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unit 1: Anti-Racism analysis + Rhetoric

In this unit, we will focus on Analysis writing by exploring the racial stories told by different books. We'll also focus on Rhetoric, learning how the rhetorical situation, mode, appeals, and devices give us different entry points for our analysis.

Essential Questions we'll tackle this unit:

  • What is systemic racism?
  • Is systemic racism present in the classic literature that most schools read?
  • In what ways do schools perpetuate or combat systemic racism?
  • What does it mean to be anti-racist? How does one become anti-racist?

During our reading time, everyone will compile a Reading Notebook that has some deep dives and analysis practice. We'll also choose a book project from one of the following 4 pathways. Take some time to explore each, then to explore the books within the pathway you choose. The goal is to have a book in hand as soon as possible in January.

Pathway 1: non-fiction best sellers

The current non-fiction best sellers lists have been dominated by works about race and anti-racism throughout 2020 in response to national discussions on police shootings, systemic racism, confederate statues, etc. Some of these books were born in different time periods that confronted similar issues and have become popular again. Some were born in response to very similar events that have persisted into 2020. Your goal will be to read the book, then analyze why it is relevant right now. What issues and concerns is it speaking to? Does it do a good job of conveying anti-racist ideas? It’s a chance to evaluate the content and the argument the book makes. The books range from personal stories to historical accounts to arguments to sociological studies.

Pathway 2: The 1619 Project controversy

The 1619 Project was built by The New York Times in August 2019 to explore how slavery shaped American instituions. It consists of a collection of essays by different authors. It garnered millions of readers and was initially seen as an important historical analysis. It became controversial though, when some scholars disputed the project’s interpretation of historical events and politicians like President Trump called it “toxic propaganda.” The NYT has sought to defend the project from these claims, but it’s still controversial right now because it exposes the two views represented in these questions: “Was America founded as a slavocracy, and are current racial inequities the natural outgrowth of that? Or was America conceived in liberty, a nation haltingly redeeming itself through its founding principles?”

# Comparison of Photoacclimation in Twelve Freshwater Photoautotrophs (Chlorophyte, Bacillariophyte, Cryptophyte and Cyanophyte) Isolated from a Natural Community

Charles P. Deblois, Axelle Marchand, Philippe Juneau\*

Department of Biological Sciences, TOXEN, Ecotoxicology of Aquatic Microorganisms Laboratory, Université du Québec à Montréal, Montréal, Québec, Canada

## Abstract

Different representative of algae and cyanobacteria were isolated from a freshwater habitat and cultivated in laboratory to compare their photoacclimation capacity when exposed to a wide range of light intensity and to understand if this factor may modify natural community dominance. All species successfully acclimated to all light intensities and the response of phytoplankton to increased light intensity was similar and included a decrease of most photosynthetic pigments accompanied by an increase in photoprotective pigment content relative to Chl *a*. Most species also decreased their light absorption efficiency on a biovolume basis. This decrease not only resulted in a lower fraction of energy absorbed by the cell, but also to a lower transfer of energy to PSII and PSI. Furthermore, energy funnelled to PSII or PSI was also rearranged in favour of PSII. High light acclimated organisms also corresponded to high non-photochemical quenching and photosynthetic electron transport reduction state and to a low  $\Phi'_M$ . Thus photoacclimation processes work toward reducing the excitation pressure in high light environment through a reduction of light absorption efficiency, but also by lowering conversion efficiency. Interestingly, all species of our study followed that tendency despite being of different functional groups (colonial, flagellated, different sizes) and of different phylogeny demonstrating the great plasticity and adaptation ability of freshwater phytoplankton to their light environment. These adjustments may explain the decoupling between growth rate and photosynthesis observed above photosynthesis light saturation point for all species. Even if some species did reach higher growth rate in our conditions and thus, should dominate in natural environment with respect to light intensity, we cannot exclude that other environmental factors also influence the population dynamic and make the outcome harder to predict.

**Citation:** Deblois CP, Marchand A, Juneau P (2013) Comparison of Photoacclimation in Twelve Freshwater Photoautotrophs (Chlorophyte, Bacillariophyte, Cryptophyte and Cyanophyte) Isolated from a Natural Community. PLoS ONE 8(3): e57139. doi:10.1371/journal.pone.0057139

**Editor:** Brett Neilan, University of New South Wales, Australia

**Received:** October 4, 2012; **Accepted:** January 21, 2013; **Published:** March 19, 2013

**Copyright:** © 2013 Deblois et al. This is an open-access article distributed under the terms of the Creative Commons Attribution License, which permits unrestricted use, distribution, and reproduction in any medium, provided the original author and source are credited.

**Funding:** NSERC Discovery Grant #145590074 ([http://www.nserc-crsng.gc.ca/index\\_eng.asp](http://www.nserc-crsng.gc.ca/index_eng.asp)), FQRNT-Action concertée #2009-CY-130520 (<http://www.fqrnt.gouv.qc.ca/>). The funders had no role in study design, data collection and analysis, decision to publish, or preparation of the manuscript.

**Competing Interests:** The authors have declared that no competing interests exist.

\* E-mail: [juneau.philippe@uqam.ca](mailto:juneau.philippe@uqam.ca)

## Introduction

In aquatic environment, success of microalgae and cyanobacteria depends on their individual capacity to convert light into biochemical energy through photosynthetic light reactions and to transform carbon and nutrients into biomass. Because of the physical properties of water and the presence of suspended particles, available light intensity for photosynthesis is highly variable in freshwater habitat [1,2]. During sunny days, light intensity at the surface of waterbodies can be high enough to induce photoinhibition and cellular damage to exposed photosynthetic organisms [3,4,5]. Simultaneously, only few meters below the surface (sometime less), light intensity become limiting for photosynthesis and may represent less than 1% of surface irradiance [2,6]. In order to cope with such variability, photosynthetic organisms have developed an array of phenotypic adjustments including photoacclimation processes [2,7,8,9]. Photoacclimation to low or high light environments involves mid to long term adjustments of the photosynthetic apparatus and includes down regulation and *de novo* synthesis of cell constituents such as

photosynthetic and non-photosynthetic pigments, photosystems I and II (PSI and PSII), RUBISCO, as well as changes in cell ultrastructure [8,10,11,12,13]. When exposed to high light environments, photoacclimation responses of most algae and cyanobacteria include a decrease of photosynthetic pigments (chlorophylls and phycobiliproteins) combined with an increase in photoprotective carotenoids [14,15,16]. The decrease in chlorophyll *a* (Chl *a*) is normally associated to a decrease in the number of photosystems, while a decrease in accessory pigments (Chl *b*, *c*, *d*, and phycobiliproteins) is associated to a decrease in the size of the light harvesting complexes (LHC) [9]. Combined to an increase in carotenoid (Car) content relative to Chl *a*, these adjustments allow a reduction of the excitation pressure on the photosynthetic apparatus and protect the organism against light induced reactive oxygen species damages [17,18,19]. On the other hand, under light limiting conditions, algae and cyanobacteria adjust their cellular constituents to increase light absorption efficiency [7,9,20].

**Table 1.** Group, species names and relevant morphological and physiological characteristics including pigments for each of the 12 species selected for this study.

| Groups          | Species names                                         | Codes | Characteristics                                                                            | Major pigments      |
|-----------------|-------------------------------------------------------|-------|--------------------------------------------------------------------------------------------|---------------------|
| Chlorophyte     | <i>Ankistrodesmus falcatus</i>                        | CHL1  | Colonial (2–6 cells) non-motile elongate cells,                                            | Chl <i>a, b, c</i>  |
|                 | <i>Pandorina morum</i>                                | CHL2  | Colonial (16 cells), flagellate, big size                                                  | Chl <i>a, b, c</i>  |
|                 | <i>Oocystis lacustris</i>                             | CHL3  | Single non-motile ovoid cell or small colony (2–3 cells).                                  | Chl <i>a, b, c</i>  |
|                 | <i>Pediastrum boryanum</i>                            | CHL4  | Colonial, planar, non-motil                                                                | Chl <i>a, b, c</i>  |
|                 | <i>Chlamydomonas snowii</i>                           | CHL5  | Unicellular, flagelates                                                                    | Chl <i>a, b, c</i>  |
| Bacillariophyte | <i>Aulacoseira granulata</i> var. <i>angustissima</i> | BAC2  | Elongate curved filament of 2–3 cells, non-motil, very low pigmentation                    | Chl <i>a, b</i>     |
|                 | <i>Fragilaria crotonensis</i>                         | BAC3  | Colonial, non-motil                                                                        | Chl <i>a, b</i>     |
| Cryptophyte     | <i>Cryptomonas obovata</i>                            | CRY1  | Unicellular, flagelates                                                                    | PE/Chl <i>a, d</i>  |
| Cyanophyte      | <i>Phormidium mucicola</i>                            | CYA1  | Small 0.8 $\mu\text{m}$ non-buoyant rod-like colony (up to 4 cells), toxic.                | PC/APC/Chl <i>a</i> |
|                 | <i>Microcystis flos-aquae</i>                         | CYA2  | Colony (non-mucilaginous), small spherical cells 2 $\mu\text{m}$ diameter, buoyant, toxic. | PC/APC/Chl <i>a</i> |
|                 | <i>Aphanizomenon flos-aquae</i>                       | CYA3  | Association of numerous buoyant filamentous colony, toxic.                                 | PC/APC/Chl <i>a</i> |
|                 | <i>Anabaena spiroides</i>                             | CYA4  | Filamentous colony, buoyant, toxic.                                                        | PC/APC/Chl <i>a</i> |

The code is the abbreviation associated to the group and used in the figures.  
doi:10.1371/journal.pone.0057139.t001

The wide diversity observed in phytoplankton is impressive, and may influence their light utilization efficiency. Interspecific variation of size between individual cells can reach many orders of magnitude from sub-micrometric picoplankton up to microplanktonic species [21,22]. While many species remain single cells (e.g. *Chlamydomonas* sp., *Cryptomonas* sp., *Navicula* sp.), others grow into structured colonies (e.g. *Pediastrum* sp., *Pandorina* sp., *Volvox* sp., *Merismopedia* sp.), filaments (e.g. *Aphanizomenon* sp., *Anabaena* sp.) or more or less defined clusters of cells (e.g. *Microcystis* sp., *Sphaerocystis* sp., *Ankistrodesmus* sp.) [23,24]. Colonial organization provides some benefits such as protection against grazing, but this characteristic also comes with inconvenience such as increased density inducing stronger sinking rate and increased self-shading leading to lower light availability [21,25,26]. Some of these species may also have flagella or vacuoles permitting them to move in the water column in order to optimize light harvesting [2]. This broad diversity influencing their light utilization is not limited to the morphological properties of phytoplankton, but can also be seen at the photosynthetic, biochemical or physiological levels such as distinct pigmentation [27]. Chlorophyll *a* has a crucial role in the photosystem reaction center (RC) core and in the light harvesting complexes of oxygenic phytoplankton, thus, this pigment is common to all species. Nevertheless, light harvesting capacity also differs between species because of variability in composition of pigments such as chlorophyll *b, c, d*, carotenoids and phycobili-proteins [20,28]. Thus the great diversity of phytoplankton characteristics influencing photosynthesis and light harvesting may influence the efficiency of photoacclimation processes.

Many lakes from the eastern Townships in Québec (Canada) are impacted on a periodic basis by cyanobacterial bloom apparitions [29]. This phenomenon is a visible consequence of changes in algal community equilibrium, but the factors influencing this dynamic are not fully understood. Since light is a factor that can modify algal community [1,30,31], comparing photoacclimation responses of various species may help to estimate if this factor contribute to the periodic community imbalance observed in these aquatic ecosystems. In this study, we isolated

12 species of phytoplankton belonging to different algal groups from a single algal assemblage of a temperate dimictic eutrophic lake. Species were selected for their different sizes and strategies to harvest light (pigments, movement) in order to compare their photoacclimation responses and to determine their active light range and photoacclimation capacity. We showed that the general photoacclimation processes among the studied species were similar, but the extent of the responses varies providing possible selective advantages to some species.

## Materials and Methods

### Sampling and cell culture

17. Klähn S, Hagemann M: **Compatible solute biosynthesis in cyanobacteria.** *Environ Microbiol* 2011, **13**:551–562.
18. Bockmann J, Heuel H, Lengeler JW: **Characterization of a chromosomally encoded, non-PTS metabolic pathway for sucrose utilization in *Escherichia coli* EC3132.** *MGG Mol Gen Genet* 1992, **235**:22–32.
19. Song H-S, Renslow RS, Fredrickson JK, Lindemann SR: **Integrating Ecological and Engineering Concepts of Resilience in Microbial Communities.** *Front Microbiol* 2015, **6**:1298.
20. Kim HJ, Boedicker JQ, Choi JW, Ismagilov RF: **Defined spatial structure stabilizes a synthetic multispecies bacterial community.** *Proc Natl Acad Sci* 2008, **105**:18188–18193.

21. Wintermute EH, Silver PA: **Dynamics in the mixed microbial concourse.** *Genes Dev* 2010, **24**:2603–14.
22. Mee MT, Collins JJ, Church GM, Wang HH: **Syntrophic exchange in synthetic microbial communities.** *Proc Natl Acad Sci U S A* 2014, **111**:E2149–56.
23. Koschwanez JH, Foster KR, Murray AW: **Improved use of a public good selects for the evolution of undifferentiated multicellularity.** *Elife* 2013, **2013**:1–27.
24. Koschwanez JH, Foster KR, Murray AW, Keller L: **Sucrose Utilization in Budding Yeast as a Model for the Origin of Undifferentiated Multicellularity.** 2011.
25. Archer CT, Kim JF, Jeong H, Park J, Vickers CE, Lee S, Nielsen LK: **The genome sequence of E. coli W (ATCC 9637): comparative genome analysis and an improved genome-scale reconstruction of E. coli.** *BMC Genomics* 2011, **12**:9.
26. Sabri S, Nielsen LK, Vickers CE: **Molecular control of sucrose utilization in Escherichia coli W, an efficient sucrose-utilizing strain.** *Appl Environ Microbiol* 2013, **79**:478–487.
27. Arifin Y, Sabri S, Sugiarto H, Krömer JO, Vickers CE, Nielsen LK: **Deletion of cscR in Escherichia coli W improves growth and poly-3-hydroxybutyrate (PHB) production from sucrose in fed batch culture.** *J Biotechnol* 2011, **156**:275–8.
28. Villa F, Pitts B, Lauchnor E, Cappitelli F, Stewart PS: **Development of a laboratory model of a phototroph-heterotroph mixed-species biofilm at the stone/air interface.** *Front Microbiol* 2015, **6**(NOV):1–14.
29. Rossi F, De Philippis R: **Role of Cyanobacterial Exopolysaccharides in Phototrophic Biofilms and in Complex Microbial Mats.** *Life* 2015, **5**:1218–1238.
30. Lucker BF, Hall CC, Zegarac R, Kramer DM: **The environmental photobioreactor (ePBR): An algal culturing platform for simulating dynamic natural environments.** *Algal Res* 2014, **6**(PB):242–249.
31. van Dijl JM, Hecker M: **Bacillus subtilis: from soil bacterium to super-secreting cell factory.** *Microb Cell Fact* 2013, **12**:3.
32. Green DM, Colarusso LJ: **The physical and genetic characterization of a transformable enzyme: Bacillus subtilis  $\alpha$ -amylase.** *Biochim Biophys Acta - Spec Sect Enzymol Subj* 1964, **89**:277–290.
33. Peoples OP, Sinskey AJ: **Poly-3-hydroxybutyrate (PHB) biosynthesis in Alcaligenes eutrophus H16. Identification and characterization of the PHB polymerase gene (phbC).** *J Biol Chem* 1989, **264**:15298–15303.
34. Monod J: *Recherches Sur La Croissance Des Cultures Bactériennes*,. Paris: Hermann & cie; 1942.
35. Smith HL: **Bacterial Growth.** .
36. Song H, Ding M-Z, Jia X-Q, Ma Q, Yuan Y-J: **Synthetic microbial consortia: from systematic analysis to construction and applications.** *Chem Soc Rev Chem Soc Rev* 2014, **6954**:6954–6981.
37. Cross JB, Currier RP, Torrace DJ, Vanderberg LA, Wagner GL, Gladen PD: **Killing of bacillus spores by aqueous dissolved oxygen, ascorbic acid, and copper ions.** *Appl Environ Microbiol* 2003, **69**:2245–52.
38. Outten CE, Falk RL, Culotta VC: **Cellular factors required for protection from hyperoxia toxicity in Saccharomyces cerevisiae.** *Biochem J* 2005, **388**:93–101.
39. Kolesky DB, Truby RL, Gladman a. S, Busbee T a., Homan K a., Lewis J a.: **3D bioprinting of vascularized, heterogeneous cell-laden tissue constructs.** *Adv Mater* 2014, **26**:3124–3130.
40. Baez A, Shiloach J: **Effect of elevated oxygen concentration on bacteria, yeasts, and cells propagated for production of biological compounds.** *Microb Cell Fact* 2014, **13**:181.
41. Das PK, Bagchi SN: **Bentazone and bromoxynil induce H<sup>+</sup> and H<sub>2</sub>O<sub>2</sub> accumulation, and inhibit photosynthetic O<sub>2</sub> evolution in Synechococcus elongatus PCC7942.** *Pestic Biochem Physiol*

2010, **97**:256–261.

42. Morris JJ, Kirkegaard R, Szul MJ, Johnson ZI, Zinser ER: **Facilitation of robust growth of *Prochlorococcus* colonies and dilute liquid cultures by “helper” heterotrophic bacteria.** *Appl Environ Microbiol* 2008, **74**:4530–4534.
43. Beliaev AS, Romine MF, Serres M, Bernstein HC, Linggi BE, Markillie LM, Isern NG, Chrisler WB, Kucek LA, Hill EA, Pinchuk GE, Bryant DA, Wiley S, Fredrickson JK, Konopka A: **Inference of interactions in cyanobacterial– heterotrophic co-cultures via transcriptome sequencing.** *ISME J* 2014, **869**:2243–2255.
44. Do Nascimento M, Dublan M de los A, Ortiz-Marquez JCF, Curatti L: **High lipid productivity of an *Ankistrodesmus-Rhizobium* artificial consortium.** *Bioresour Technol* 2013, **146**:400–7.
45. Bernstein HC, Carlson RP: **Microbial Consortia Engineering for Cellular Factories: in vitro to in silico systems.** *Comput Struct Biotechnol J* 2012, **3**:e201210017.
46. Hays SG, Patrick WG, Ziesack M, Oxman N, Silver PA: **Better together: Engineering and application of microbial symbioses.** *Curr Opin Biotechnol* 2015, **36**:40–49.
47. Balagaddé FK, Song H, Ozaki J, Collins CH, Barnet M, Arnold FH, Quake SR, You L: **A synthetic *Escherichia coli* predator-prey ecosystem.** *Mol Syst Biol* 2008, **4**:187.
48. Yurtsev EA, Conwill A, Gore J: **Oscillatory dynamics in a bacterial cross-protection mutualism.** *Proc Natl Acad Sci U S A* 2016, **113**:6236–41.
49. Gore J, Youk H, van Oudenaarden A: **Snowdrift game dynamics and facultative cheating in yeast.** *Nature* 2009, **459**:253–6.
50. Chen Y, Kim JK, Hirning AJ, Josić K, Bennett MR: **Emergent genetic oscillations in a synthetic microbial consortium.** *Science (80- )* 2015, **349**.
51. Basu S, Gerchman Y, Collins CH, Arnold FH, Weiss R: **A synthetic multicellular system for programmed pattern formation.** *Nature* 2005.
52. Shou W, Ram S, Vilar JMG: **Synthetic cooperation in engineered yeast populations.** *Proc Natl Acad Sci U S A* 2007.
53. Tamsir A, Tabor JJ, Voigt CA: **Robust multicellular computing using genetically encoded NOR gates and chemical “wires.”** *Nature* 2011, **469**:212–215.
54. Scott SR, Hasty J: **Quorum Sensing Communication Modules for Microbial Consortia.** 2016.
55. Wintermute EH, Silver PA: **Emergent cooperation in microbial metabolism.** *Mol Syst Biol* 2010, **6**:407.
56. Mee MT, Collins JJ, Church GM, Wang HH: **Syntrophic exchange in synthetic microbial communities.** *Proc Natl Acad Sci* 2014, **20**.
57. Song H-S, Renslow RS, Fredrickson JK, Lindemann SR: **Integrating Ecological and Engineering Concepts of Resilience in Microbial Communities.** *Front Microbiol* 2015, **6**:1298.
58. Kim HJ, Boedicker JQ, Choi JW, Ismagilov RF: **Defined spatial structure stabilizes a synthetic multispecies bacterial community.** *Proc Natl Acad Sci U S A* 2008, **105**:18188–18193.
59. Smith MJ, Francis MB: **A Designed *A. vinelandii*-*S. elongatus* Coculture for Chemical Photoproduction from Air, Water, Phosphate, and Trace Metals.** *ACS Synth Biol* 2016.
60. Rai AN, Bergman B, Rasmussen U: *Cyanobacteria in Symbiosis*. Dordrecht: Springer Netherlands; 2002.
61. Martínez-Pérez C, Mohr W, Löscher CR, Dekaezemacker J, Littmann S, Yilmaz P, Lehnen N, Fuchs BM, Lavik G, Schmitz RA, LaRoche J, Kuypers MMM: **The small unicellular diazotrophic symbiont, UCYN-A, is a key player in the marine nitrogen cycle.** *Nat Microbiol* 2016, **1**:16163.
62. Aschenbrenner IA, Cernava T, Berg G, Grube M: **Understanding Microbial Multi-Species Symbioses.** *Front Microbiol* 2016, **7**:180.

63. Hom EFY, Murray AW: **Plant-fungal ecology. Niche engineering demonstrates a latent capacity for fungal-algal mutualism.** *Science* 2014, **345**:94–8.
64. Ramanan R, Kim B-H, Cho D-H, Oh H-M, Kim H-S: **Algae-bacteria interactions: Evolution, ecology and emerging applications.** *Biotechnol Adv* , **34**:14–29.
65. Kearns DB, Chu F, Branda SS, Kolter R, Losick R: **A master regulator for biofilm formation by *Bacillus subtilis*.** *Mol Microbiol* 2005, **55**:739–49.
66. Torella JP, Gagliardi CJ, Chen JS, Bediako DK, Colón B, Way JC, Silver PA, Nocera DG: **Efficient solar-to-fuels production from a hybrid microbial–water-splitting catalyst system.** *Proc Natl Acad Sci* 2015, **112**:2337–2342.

The goal of this pathway is to explore The 1619 Project and the controversy surrounding it. You will analyze the text and the responses to it in order to determine which critiques and interpretations of it are most valid. Should schools use it in their curriculum? Is it anti-American? Does it combat or perpetuate systemic racism and racist ideas?

Pathway 3: challenged classics

Most schools read the same books each year. Some have argued that this is one of the challenges of systemic racism--that certain experiences, perspectives, and representations become ingrained that are at times harmful. These four classic authors have been widely studied for decades (your parents probably read them) and the authors are staples in most high school literature classrooms. They each have different challenges when it comes to race (like Huck Finn, which uses the n-word 219 times) and have been frequently banned or challenged in school districts like this one in California. The goal of this project is to explore whether or not the book challenges or perpetuates racist ideas, like this author does with Dr Seuss. Should schools do what Disney Plus is doing with its content (like Spider-Man) and have content warning labels about racial depictions and stereotypes? You are using a racial lens to explore the depictions of characters, the language, and the themes of the book.

Pathway 4: YA novels

Some high school English teachers have started a movement called “Disrupt Texts” that seeks to bring more representative young adult fiction into classrooms. Among those new texts are titles that represent a “growing body of YA books exploring racial injustice and police brutality”. Some of the more recognized titles are included below. The goal of this project is to read and explore whether or not the books combat or reinforce racist ideas. Are the racial representations realistic or caricatures? Do they address more than just the pain of the culture or do they celebrate its successes? What does each add to the bigger national discussion about social justice? Some are rooted in specific historical events, some are meant to emulate the type of situations that the summer of 2020 brought to the forefront.

Next Steps

  1. Explore the pathways and the related readings. You can use any of those readings in your Reading Notebook.
  2. Choose a pathway.
  3. Explore the books within that pathway--read the beginnings to see if it's a book you can live with for a few weeks.
  4. Choose a book and complete the google form to give Coates a clue.
  5. Bring a hard copy of the book to class as soons as possible (ideally January 11).